What is a Remittitur?

All cases begin and end at the trial court level. Even where a litigant appeals the trial level outcome to a higher court, the higher court can only review the issues presented to it. For example, if an appellate court reverses the findings of a trial court, the appellate court must send the case back to the trial court so that it can enter an order consistent with the appellate findings. The act of sending a case back to the trial court is known as “remittitur.”

Remittiturs are entered at the conclusion of every case on the appellate and supreme court level. At minimum, a remittitur returns the jurisdiction of the case to the trial level court, and also signifies that the physical file has been transmitted back to the trial court.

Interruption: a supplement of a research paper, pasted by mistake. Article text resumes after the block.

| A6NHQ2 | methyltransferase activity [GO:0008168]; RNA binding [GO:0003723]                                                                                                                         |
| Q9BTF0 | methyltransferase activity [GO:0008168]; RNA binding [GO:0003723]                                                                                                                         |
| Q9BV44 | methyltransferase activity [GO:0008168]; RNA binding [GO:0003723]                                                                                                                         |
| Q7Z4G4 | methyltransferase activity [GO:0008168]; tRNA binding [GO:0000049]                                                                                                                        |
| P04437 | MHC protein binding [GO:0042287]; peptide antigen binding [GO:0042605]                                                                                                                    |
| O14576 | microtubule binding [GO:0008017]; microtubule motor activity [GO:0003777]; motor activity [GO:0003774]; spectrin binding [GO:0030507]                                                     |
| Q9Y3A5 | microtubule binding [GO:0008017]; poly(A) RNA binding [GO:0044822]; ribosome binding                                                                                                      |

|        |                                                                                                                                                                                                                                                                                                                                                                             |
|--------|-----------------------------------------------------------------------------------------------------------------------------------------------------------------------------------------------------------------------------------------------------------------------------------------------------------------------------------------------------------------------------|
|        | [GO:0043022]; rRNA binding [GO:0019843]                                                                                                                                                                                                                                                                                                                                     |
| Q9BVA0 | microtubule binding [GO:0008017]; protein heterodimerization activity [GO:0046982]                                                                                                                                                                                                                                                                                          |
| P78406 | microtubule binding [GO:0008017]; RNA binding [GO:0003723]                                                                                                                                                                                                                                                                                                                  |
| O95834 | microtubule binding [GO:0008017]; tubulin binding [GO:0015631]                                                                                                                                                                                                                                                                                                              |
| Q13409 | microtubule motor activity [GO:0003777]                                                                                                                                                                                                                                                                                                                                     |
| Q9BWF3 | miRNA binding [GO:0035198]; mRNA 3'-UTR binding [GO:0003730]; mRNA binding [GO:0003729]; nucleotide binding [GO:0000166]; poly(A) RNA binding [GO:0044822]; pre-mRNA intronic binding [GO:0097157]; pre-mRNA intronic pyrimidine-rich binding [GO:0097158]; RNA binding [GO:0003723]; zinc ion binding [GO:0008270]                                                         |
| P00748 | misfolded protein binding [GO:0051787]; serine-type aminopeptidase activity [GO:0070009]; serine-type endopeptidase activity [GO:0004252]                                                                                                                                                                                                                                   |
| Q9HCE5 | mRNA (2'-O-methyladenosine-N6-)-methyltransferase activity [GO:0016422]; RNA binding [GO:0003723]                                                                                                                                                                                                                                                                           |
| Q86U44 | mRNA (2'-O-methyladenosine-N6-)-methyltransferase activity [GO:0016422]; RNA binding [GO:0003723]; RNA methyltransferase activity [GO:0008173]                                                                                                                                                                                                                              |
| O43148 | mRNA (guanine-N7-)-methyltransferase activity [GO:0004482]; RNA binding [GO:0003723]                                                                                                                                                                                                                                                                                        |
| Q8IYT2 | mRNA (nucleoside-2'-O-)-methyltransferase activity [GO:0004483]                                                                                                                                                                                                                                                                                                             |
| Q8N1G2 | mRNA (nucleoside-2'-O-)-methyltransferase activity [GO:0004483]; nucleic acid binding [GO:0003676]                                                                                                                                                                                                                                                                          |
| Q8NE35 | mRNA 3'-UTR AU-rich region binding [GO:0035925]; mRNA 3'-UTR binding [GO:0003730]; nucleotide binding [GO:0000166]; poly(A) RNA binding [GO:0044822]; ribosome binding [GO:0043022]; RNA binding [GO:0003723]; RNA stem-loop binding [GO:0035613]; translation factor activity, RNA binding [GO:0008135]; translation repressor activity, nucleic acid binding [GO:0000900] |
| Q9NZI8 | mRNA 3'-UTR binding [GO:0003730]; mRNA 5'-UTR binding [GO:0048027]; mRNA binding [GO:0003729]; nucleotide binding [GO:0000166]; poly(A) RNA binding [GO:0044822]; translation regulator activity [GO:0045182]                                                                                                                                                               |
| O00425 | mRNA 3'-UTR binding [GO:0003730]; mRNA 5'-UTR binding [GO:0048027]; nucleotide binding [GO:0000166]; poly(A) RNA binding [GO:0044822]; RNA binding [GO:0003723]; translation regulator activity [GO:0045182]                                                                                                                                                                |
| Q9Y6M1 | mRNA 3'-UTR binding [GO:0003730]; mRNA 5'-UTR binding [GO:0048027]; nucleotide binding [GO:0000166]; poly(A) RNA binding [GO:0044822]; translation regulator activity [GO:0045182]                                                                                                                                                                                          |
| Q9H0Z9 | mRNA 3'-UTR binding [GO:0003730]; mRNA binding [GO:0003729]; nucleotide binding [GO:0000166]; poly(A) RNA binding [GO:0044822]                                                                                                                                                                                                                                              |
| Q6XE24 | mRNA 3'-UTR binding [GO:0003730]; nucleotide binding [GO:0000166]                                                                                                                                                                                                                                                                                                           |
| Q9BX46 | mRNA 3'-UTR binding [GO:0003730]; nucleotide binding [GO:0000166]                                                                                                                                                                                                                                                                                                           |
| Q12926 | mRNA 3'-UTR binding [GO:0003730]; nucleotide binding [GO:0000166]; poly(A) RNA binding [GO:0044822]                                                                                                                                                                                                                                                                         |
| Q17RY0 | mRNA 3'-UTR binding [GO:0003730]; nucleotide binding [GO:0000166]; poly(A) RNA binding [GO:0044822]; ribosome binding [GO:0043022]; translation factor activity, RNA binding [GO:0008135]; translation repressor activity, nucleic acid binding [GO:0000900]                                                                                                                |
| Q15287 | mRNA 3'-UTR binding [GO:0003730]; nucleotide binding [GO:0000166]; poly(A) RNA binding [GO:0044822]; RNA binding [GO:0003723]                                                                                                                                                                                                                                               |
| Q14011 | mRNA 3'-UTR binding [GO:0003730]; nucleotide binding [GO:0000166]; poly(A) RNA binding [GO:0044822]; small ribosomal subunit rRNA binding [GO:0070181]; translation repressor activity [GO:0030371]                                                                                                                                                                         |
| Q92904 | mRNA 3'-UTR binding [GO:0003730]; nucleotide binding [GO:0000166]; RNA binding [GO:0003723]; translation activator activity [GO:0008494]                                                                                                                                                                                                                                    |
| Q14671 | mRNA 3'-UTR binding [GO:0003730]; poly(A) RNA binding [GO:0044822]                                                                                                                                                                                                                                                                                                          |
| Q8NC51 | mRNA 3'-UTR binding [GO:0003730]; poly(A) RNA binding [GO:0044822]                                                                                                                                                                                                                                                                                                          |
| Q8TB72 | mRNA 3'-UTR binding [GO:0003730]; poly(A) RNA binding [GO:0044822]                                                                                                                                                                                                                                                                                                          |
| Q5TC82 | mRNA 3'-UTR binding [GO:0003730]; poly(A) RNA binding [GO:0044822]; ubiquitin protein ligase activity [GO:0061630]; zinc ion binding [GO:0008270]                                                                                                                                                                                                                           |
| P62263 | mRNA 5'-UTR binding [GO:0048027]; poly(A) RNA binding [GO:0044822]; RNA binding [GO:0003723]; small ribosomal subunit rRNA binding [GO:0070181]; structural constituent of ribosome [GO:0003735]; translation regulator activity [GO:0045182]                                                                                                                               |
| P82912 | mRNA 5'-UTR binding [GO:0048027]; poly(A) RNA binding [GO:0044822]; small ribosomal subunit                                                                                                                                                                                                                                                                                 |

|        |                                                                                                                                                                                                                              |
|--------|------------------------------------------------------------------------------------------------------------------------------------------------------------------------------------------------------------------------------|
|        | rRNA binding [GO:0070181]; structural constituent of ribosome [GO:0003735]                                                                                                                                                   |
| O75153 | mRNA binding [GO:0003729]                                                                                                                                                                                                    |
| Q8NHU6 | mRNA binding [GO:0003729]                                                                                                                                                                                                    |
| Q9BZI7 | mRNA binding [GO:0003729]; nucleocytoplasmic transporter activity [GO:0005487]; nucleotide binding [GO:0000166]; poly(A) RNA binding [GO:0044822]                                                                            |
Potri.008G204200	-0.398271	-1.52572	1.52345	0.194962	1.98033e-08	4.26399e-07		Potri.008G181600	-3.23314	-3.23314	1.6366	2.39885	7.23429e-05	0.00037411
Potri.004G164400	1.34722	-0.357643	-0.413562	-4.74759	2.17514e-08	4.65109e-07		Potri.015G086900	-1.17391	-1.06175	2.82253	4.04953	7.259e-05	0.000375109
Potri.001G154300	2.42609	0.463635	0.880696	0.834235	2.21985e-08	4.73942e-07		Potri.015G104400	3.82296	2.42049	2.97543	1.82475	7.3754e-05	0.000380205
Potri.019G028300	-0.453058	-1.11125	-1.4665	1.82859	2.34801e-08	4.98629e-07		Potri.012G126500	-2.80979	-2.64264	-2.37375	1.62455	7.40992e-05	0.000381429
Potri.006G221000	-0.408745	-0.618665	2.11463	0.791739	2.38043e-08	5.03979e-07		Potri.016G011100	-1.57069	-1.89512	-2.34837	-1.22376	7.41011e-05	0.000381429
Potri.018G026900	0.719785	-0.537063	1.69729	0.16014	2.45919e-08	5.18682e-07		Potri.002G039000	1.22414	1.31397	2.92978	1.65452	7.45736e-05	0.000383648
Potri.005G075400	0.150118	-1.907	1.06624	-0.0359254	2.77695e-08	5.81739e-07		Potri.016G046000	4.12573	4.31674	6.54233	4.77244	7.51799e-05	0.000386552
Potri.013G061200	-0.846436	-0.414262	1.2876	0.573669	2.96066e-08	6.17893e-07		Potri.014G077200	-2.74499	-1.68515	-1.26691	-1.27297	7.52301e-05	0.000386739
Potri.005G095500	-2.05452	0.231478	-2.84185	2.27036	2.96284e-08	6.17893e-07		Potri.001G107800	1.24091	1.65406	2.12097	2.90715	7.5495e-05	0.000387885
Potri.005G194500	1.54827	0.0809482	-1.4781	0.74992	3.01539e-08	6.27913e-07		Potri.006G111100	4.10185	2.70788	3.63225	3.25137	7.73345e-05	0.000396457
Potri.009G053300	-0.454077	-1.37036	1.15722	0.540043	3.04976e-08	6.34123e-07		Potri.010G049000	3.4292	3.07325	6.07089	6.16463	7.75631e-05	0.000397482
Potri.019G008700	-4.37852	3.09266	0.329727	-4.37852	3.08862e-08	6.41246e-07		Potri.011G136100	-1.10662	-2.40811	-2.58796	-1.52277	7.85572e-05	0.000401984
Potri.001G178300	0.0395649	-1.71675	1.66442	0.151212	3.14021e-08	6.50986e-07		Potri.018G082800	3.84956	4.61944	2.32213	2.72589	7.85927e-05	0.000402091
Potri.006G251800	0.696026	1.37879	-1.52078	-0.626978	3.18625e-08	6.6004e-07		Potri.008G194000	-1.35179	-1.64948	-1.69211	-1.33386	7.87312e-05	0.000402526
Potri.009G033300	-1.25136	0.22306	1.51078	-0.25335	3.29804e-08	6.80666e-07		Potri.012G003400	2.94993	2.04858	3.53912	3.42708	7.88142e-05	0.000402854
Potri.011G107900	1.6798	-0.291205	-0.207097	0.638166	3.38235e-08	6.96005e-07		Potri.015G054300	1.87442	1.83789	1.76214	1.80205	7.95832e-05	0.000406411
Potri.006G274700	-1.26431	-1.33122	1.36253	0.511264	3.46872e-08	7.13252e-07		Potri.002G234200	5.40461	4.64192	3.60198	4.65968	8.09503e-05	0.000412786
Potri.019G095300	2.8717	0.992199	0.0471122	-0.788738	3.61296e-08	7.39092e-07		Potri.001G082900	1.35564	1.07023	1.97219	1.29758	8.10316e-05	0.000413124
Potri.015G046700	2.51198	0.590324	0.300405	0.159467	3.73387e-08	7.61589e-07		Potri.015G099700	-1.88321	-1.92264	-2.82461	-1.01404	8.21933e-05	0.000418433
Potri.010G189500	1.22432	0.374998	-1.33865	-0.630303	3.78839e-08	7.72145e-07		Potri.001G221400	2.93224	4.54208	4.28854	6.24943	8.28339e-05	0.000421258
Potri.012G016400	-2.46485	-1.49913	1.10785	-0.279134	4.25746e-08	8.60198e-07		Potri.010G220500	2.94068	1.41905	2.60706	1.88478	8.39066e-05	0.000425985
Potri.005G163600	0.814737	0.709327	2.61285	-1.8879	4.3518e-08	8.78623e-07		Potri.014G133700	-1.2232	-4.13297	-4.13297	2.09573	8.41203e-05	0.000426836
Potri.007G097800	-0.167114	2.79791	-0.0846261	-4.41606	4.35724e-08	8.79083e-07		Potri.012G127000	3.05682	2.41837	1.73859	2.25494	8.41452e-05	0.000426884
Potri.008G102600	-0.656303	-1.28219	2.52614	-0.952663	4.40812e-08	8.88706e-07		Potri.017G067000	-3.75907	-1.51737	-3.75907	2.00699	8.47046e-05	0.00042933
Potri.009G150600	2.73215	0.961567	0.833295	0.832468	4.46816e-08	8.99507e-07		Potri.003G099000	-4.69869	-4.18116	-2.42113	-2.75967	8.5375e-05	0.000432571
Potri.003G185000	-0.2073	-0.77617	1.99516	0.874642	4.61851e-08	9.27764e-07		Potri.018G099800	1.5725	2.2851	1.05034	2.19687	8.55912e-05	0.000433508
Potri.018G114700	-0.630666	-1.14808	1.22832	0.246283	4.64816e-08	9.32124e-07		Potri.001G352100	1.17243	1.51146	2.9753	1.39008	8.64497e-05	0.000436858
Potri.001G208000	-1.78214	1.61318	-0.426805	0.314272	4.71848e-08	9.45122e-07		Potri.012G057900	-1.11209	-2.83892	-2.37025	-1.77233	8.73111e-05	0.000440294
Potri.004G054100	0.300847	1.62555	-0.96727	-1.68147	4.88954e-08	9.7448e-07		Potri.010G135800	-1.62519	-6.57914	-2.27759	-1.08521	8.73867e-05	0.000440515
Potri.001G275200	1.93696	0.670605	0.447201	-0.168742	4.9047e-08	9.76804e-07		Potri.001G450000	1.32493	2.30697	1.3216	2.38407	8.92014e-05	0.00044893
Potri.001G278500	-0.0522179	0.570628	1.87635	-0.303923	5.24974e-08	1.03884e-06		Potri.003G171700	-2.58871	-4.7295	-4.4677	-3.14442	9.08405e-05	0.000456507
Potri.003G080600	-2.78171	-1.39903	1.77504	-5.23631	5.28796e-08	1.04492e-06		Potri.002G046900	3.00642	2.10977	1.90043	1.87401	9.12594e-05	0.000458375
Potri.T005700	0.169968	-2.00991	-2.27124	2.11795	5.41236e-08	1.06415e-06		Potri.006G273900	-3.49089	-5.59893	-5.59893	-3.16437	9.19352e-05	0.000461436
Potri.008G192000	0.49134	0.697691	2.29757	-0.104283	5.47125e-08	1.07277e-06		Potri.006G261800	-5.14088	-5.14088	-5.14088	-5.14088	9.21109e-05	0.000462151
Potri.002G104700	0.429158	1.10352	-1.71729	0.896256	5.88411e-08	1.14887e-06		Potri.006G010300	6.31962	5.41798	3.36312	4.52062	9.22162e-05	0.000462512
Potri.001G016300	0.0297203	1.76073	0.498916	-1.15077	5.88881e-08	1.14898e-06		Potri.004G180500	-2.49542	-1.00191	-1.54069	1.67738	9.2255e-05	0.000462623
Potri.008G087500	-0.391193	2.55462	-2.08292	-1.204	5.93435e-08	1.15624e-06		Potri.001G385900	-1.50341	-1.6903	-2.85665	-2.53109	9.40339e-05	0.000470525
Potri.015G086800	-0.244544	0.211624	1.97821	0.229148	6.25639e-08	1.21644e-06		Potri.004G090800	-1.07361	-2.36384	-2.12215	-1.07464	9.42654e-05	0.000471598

If the reviewing court has made a decision inconsistent with the trial court, the remittitur will include instructions for the trial court to enter an order consistent with the appellate court’s decision, retry the case, or take any other action deemed necessary.

If a remittitur has been entered in your case, there is no need to take immediate action. If further proceedings are necessary, the trial court will schedule these proceedings and notify all parties.

To speak with a knowledgeable attorney about your appeal, contact the Alderman law Firm today for your free consultation by calling 720-588-3529 (CO) or 608-620-3529 (WI).